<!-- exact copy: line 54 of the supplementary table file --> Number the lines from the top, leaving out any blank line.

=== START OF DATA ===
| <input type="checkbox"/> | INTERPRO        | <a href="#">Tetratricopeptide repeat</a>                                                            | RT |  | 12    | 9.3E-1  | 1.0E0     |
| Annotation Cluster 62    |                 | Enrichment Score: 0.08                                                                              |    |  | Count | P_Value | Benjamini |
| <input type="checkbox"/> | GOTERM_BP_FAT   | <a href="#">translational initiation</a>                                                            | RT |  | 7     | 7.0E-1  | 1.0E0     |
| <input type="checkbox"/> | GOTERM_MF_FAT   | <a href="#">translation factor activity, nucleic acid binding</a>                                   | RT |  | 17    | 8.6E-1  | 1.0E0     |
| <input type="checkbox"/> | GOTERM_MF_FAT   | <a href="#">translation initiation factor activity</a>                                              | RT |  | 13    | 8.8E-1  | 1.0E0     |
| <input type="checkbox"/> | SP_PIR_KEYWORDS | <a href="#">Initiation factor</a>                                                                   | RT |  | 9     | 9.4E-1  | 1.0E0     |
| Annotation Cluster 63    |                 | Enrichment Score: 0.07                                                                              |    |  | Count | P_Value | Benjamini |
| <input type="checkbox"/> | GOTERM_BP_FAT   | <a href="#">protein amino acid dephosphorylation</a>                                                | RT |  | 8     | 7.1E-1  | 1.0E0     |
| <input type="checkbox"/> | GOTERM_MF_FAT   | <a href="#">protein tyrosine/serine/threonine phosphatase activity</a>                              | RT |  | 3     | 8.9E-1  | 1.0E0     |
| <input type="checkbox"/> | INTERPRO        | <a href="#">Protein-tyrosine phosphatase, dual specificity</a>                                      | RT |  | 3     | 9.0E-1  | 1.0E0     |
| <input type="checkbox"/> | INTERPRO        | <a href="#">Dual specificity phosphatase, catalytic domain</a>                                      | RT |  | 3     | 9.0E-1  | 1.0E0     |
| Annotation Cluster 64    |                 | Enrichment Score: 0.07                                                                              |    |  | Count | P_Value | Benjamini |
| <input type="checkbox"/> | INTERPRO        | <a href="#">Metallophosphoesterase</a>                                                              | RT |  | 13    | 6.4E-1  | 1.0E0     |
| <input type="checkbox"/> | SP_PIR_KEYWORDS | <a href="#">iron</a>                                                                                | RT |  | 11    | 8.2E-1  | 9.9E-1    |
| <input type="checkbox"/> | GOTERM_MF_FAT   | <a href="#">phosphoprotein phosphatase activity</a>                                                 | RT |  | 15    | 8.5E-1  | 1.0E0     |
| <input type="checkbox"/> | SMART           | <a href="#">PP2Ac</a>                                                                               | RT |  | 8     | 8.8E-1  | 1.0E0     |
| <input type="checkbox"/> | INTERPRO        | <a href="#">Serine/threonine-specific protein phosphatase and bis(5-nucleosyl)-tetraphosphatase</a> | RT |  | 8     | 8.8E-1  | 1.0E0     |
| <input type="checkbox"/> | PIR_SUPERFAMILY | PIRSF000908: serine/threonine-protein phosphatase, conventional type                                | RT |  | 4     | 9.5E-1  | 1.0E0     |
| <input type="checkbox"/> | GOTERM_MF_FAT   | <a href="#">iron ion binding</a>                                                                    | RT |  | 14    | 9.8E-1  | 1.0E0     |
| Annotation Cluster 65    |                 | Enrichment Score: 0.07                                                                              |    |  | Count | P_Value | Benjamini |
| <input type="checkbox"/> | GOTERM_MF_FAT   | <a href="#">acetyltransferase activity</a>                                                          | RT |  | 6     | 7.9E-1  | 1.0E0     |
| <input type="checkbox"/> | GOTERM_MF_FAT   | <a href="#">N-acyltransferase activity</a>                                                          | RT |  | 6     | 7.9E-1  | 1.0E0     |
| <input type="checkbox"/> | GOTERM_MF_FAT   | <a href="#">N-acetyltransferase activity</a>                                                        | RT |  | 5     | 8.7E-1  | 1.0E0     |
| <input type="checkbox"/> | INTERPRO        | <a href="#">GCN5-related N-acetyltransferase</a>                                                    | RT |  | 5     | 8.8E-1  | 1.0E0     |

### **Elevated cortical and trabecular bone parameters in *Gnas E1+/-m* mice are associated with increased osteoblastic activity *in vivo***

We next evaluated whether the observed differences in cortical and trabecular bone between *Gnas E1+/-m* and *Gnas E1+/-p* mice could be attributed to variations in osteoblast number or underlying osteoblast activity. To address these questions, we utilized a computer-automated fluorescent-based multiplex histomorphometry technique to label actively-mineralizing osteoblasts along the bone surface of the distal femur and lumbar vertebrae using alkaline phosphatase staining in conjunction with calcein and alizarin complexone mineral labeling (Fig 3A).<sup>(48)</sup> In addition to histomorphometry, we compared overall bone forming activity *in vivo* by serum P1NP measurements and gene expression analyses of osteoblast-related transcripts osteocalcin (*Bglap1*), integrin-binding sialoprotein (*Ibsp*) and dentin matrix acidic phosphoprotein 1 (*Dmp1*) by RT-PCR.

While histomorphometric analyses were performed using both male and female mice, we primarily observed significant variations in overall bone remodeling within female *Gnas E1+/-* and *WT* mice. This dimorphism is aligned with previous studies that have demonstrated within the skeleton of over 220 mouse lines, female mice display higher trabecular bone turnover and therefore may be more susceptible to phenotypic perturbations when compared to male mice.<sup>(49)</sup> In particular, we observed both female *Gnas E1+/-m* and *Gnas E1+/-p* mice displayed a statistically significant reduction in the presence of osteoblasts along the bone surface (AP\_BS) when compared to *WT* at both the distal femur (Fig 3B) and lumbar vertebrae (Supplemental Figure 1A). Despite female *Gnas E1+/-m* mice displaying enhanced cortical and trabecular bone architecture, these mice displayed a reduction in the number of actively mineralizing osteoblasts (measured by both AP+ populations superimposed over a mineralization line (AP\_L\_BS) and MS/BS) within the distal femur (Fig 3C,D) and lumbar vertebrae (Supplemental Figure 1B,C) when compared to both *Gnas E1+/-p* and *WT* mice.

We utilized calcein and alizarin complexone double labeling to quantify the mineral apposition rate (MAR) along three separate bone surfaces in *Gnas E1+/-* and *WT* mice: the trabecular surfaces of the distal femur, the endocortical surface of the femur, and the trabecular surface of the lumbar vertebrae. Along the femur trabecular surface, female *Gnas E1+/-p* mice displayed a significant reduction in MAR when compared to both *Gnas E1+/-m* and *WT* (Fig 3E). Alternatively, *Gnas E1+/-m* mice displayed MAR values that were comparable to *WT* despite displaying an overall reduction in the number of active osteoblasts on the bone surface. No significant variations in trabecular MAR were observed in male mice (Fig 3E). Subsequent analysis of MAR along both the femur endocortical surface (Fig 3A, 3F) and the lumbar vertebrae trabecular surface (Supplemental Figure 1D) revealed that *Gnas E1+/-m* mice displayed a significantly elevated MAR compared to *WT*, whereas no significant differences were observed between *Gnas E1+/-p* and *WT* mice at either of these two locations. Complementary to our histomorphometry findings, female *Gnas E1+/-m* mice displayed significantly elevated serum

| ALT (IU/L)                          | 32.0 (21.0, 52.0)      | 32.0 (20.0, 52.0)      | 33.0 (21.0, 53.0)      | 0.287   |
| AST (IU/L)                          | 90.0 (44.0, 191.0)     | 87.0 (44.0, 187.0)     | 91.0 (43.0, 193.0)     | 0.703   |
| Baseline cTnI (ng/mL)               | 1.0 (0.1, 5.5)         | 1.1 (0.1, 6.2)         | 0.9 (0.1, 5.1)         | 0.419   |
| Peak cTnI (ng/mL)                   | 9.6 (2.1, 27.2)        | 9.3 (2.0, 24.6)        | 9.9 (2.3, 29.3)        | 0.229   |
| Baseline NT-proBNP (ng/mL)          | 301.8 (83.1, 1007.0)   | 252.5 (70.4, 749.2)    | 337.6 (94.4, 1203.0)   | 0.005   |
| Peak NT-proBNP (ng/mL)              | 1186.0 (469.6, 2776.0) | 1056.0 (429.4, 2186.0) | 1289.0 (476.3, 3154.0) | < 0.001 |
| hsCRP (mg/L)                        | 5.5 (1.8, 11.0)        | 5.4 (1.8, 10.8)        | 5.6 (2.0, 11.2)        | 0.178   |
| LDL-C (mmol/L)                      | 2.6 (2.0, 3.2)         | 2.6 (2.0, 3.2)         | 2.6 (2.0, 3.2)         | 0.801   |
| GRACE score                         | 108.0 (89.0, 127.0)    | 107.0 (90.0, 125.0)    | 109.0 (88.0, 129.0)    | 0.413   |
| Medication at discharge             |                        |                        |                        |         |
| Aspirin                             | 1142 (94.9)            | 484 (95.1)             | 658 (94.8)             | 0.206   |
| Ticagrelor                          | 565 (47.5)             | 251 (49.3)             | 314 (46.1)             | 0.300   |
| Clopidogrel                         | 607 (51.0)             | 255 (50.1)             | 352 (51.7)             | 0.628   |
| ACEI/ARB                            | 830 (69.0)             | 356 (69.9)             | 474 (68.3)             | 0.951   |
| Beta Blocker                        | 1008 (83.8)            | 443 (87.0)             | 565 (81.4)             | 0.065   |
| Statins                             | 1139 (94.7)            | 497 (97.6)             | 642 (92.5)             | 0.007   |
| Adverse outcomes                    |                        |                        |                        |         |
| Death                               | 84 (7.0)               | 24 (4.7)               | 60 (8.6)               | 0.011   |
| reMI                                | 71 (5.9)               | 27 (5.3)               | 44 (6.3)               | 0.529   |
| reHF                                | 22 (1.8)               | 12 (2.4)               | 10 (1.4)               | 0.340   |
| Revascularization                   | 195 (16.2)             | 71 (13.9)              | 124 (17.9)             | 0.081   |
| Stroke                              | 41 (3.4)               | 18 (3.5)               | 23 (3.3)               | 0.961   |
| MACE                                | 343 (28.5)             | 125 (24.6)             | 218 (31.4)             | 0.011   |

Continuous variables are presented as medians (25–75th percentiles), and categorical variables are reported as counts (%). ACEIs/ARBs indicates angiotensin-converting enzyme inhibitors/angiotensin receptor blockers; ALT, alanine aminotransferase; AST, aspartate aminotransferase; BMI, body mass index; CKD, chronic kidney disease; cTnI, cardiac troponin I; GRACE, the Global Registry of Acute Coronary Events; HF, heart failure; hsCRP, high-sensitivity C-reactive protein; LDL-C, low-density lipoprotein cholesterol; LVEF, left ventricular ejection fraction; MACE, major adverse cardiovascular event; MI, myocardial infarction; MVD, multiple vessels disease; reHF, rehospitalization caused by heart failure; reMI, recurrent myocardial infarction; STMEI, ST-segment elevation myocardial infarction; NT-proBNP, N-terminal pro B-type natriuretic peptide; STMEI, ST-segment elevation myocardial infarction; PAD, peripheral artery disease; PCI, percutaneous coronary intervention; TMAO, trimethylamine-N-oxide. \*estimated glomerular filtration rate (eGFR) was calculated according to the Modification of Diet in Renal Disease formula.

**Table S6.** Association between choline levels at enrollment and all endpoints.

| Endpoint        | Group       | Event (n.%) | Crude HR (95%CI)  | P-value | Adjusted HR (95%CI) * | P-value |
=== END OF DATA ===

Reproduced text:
| Endpoint        | Group       | Event (n.%) | Crude HR (95%CI)  | P-value | Adjusted HR (95%CI) * | P-value |